It has been a very busy term in the Art Department. First up the Senior Art prizes were awarded with Antonia Ladanyi winning the Earl of Meath Art Prize, Senior. Ellen Beven won the Craft Prize, Senior and Calvin She won the Photography Prize, Senior. We also want to congratulate Jamie Green for taking up an offer for September from the Manchester School of Art.

Junior Cycle pupils, having completed their projects embarked on a sculpture project highlighting some of the environmental issues that we face and this work has been exhibited around the College.

Form VI carried out their practical art exam- a five hour window in which to demonstrate their skill and talent. It was a challenging and stressful day for them. TY pupils exhibited their Architectural Drawings at a Nationwide Architects in Schools exhibition at the Lexicon Library In Dun Laoghaire. Form I and II continued to work on craft projects such as clay modelling and lino printing.

In the week leading up to St. Columba’s Day senior pupils had the opportunity to meet with the designer and artist Serena Kitt to talk about creating a portfolio and applying to Art College. This was supported by a trip to the BIFE for their end-of-year portfolio show for those pupils interested in compiling a portfolio in the next year or two. 

TY pupils exhibited their portraits in the Whispering House and an exhibition showcasing a selection of pupil work from Form I-VI was on display in the Sports Hall for St. Columba’s Day.

There was a trip to the Lavina Fontana exhibition at the NGI and a guided tour of the Casino Marino for Form V. Below, Lily Boyle and Jesse Reynolds write reports on those expeditions.

National Gallery of Ireland by Lily Boyle, Form V

On Tuesday, May 30th, the Form V art pupils went on a trip to see the Mannerist paintings of Lavinia Fontana in the National Gallery. Lavinia Fontana was born in Bologna in the middle 1500s and she was best known for her attention to detail, especially in the fabrics she painted. We had a tour of all of her works on display in the gallery and we developed a deeper insight into her compositing and the story behind her work. We learnt that Fontana was managed by her husband Gian Paolo Zappi, all the while having eleven children. One thing I found particularly interesting was how Fontana combined the interest and/or professions of her clients into their paintings eg, a horoscope globe into an astrologer’s portrait or into her self-portrait she included a piano. Lastly, something I found truly interesting, was the classical and biblical allusions in some of her work, including the love affair of Aphrodite and Mars and Judith slaying Holofernes. I thoroughly enjoyed the trip and found learning about Lavinia Fontana enlightening and it has inspired me to dig deeper into other Renaissance and Mannerist artists.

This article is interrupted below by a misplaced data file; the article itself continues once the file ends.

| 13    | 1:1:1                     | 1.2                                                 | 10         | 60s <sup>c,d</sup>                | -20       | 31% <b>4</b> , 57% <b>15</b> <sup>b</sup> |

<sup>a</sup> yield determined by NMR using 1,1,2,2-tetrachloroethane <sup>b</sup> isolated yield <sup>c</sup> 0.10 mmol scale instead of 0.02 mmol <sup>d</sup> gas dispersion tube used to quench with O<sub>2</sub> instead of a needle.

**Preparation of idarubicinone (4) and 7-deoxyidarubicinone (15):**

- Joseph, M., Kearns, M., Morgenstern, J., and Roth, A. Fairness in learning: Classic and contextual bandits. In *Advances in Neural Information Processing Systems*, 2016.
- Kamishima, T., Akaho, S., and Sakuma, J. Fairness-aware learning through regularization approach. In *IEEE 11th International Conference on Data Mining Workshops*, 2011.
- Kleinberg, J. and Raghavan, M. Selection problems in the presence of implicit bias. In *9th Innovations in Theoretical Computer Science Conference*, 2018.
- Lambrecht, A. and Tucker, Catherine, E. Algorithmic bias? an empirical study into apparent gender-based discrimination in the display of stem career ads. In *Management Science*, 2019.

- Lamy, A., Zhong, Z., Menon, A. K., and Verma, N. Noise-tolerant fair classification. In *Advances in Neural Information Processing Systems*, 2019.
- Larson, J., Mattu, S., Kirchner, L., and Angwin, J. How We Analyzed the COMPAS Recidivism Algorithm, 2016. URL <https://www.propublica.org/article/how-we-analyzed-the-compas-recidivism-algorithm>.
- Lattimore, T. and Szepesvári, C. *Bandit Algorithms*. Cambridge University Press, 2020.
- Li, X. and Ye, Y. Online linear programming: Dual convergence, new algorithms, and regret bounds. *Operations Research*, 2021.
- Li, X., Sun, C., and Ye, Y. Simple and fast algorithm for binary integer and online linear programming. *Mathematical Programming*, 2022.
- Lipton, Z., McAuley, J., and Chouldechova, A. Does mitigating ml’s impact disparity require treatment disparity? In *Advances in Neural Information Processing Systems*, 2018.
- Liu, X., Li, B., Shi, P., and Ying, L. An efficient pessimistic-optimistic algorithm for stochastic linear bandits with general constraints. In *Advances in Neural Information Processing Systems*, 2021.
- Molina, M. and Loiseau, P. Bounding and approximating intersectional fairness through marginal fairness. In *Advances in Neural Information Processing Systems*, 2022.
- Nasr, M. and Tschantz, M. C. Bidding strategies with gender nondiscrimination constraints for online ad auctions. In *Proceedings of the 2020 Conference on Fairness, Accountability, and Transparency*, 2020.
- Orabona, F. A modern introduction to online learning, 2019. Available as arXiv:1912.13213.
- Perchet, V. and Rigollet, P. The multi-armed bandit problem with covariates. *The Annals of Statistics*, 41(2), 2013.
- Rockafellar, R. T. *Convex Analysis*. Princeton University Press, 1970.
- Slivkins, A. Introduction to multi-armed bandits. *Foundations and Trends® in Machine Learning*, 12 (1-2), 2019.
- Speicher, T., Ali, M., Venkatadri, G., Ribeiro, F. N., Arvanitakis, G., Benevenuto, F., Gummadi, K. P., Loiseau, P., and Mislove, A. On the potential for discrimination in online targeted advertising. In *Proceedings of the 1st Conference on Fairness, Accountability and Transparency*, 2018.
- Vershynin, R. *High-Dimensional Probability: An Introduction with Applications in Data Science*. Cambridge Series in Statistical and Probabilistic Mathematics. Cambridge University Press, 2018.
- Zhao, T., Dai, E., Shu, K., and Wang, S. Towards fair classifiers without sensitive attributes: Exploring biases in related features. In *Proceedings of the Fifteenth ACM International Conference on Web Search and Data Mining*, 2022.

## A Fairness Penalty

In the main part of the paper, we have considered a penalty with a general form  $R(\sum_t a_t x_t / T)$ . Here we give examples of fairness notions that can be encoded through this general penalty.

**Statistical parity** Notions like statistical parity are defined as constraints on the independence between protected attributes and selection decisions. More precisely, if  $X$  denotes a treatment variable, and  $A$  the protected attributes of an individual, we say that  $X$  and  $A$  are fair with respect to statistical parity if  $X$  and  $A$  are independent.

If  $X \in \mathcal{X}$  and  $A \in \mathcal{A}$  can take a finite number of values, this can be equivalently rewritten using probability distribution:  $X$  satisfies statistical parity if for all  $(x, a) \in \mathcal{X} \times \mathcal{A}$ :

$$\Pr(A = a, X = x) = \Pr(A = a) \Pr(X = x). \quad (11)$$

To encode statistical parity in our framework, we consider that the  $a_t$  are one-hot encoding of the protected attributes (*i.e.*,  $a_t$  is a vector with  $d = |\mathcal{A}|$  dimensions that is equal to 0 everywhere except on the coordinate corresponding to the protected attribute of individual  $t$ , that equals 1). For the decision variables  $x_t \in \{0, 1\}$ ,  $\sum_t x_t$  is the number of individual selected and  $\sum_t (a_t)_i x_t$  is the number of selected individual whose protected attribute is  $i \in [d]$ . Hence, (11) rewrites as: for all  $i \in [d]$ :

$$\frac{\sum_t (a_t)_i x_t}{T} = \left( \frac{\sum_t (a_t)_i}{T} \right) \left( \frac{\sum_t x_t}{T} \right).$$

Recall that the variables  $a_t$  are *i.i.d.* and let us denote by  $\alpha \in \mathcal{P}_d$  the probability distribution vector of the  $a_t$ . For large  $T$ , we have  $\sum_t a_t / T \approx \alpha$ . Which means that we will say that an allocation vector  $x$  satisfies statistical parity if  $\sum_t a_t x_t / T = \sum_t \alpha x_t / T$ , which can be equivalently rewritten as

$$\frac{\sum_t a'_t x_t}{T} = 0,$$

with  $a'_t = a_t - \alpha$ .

Casino at Marino by Jesse Reynolds, Form V

After visiting the gallery, we went to see the architectural gem – The Casino at Marino. The Casino was designed by Sir William Chambers as a summer house for James Cauldield, the first earl of Charlemont. It is a great example of an eighteenth-century neo-classical building. Our tour guide told us that the egg and spear design throughout the casino represents life and death and that the lions surrounding the building were originally supposed to be water fountains; however, they ran out of money. The Casino was designed to look small on the outside when in reality it is much larger than it seems on the inside. The classic Greek columns elongate the building and deceive the mind into thinking the building is small. The Casino has been recently restored by the Office of Public Works and it now stands as a perfect example of Chambers’ work and the cultural aspirations of the Irish ruling classes.

Seeing the building in person really helped to understand the architectural innovations and how effective the deception was. We had a great day out. 

Below is an album of photos and pieces of work from this term in Art.